The European Commission has informed Korean Air of its preliminary view that its proposed acquisition of Asiana Airlines may restrict competition in the markets for passenger and cargo air transport services between the European Economic Area (EEA) and South Korea.

Korean Air and Asiana are respectively the first and second largest airlines in South Korea. They operate a network of domestic and short-haul routes in Asia as well as long-haul routes between South Korea and the rest of the world.

In February 2023, the European Commission opened an in-depth investigation and has since conducted a wide-ranging investigation to understand the potential impact of the deal.

As a result, the EC says it is concerned that the merger will reduce competition in the provision of passenger transport services on four routes between South Korea and France, Germany, Italy and Spain.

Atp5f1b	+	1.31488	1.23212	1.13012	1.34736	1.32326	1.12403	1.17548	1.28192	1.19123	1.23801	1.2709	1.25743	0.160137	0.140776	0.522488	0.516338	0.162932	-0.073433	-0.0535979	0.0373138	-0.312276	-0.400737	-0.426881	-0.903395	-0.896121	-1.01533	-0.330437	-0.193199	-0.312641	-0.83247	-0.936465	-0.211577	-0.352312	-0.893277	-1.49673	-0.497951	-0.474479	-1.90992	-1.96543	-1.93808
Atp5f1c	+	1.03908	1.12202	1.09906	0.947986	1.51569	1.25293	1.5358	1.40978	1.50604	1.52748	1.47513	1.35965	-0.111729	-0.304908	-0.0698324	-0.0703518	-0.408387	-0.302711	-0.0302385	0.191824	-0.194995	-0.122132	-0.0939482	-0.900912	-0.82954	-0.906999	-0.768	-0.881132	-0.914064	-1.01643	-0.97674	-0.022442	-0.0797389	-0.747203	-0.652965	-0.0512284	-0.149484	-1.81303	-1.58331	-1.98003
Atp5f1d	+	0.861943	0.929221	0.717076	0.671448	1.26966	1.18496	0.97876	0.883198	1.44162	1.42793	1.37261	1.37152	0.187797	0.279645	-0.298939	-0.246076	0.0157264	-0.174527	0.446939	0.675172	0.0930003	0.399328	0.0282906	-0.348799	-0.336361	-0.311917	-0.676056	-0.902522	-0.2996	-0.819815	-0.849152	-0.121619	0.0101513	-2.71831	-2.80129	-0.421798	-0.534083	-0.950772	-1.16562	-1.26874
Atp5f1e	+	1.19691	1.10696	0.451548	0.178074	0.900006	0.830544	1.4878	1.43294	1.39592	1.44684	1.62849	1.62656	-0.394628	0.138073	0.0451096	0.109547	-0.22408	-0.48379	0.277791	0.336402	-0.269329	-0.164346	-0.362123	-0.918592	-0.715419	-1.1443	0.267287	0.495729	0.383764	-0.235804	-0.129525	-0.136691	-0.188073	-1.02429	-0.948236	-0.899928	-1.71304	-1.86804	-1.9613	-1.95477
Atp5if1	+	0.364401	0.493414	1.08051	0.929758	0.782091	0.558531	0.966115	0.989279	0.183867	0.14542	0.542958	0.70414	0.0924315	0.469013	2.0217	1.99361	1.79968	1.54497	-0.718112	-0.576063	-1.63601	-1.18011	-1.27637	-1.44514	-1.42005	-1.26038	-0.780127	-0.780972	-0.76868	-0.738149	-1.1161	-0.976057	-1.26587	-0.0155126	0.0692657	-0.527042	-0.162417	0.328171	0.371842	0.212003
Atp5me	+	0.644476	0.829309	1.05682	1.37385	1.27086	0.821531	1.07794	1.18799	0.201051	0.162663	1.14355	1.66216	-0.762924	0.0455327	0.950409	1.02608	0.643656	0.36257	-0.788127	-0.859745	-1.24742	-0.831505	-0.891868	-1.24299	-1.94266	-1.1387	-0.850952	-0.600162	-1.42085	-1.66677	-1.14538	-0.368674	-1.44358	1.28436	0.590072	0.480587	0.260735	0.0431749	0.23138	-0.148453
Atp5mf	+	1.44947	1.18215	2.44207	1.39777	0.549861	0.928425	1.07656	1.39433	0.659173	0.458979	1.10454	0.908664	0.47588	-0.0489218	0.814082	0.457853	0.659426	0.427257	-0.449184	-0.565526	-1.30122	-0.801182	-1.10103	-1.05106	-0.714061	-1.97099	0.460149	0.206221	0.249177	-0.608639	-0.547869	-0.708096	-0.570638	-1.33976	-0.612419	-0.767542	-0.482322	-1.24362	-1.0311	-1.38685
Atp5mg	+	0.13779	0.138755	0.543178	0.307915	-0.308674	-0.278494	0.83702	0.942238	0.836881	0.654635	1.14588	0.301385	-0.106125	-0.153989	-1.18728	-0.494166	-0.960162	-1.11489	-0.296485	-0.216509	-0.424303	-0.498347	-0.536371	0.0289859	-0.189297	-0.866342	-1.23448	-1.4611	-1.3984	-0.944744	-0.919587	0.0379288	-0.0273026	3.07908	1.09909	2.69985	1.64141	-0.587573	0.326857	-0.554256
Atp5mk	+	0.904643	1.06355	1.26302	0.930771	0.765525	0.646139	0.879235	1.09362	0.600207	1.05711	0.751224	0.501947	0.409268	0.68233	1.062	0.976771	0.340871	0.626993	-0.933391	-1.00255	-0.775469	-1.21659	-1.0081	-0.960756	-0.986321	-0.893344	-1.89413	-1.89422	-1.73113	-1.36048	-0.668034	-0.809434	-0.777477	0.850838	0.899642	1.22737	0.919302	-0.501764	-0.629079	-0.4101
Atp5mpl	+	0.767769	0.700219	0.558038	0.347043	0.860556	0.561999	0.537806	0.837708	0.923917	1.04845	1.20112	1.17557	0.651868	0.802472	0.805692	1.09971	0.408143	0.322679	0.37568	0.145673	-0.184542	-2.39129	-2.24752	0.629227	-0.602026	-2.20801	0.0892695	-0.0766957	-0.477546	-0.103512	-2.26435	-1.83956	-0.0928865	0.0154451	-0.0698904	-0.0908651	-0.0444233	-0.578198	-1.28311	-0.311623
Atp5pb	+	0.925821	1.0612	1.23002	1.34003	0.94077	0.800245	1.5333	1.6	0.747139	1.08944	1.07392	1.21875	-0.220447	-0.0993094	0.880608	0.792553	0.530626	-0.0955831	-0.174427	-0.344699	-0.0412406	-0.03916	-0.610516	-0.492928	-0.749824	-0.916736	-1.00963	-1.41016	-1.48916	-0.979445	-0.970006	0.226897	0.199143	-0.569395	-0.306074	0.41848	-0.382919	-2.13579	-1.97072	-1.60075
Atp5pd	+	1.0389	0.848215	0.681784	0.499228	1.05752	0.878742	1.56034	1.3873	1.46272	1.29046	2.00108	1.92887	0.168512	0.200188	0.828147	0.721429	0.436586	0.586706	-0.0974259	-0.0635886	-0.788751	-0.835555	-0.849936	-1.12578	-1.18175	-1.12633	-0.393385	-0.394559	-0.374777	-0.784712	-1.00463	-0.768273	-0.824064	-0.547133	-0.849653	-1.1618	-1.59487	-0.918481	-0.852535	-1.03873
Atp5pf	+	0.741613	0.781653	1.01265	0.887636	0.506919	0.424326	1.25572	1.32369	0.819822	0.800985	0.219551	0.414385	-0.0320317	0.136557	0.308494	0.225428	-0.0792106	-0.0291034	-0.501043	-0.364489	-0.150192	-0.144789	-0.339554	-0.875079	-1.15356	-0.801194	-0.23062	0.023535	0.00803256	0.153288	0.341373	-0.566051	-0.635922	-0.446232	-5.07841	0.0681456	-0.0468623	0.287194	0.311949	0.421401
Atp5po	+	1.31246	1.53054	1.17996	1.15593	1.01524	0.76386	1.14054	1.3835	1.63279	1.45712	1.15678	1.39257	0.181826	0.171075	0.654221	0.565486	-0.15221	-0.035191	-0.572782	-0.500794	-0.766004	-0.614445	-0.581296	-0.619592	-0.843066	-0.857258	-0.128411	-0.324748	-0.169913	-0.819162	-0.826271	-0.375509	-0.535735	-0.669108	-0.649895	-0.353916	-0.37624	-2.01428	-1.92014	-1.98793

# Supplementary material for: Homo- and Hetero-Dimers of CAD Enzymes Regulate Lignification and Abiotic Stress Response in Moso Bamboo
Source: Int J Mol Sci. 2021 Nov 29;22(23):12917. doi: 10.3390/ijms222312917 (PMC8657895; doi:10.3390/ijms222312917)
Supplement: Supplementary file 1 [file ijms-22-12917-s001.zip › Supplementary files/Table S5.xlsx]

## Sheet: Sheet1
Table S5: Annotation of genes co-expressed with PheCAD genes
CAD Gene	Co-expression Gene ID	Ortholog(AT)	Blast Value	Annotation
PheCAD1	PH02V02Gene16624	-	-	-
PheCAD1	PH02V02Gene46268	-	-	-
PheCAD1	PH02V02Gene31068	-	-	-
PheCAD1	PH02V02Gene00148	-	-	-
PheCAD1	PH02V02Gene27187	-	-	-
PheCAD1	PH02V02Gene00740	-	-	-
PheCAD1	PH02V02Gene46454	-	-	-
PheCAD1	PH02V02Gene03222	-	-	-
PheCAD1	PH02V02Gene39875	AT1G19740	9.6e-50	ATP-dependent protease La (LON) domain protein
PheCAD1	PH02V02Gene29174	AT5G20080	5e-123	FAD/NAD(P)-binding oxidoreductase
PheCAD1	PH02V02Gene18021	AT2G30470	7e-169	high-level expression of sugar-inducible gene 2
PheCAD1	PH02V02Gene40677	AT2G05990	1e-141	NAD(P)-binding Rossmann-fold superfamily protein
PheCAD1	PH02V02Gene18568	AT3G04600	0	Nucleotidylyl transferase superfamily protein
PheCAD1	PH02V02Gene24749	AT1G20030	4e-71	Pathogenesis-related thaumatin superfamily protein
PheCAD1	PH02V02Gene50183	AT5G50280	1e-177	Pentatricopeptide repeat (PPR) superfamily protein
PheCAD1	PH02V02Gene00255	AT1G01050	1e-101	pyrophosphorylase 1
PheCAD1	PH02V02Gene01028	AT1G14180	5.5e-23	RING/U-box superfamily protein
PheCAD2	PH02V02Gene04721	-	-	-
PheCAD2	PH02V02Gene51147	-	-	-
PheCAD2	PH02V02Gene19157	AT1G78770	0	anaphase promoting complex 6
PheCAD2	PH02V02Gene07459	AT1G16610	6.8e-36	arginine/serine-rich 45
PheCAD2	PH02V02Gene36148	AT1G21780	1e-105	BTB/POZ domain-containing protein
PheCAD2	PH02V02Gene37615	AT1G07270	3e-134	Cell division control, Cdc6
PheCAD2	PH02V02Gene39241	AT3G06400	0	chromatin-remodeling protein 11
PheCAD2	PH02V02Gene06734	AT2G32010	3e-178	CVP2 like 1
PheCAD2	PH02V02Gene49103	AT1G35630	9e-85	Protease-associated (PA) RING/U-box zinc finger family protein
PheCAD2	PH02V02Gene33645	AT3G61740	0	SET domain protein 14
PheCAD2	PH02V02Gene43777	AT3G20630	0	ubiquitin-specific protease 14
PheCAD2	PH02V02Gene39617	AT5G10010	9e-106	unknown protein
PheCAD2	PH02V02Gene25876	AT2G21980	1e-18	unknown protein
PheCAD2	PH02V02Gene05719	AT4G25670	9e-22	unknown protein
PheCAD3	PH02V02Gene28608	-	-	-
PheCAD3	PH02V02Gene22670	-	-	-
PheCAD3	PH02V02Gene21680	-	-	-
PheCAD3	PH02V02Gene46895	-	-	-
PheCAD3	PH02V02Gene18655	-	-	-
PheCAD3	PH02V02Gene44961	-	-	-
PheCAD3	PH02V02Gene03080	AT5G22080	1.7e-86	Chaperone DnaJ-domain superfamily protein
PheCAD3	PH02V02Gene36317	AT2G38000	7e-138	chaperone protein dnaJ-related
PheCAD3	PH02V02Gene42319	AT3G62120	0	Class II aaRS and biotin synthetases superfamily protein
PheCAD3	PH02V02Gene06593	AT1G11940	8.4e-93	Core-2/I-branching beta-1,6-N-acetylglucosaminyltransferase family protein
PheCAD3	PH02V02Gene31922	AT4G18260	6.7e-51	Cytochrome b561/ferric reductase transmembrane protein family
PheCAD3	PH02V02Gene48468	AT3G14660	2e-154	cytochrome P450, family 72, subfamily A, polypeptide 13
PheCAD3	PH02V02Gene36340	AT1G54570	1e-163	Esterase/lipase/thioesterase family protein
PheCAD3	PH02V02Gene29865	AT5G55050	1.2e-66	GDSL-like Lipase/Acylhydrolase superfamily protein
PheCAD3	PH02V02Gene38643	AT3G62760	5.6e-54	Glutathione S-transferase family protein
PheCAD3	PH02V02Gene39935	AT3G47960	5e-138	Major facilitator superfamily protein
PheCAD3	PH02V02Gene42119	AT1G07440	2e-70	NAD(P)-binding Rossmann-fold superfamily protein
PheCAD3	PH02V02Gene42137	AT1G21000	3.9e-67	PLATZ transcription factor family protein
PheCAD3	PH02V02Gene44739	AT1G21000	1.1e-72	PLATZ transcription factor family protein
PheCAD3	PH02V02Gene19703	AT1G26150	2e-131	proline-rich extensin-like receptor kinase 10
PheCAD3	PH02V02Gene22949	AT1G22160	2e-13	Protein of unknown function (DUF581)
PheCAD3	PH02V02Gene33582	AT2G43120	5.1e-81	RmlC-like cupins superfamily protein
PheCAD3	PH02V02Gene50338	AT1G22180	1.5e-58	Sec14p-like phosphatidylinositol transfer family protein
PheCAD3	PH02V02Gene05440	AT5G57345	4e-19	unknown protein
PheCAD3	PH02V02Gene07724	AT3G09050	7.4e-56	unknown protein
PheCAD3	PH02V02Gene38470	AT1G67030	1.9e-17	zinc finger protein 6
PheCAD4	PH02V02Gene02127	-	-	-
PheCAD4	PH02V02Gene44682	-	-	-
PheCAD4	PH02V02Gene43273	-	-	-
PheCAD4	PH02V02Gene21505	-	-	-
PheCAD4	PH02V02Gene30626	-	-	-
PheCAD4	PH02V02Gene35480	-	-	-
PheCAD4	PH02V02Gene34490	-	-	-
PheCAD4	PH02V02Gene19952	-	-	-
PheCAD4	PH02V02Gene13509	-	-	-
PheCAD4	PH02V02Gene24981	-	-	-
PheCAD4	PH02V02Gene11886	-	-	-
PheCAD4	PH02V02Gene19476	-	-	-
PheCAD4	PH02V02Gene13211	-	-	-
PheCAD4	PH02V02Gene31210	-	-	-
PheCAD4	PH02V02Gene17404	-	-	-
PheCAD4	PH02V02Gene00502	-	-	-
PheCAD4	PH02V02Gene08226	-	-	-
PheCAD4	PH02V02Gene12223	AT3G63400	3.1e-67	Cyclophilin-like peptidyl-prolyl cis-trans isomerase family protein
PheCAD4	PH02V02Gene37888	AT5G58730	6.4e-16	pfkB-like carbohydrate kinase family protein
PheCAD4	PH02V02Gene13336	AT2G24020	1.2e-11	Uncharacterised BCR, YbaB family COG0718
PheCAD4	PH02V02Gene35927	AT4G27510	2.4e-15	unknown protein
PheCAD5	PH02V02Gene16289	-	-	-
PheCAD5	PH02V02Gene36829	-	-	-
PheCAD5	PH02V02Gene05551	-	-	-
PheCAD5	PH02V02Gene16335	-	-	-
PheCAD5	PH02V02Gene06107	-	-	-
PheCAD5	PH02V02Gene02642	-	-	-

The EC notes that Korean Air and Asiana compete head-to-head in carrying passengers and cargo between the EEA and South Korea.

“Together, they would be by far the largest carriers of passengers and cargo on these routes and the merger may remove an important alternative for customers. Other competitors face regulatory and other barriers to expanding their services and may be unlikely to exert sufficient competitive pressure on the merged entity. The merger may therefore lead to increased prices or decreased quality of passenger and air transport services.”

Both Asiana and Korean Air have their hubs at Seoul’s Incheon International Airport.

Korean Air is a member of the SkyTeam alliance, while Asiana belongs to Star Alliance.

The two airlines largely operate the same routes, including to Heathrow, CDG, Rome and Frankfurt.

Earlier this year, the UK’s Competition and Markets Authority (CMA) gave the Asiana-Korean merger its approval following a process that lasted over two years.

In its March 1 ruling, the CMA said it was satisfied that undertakings by Korean Air were appropriate to “remedy the substantial lessening of competition”. These included making slots available to Virgin Atlantic to operate between Heathrow and Incheon.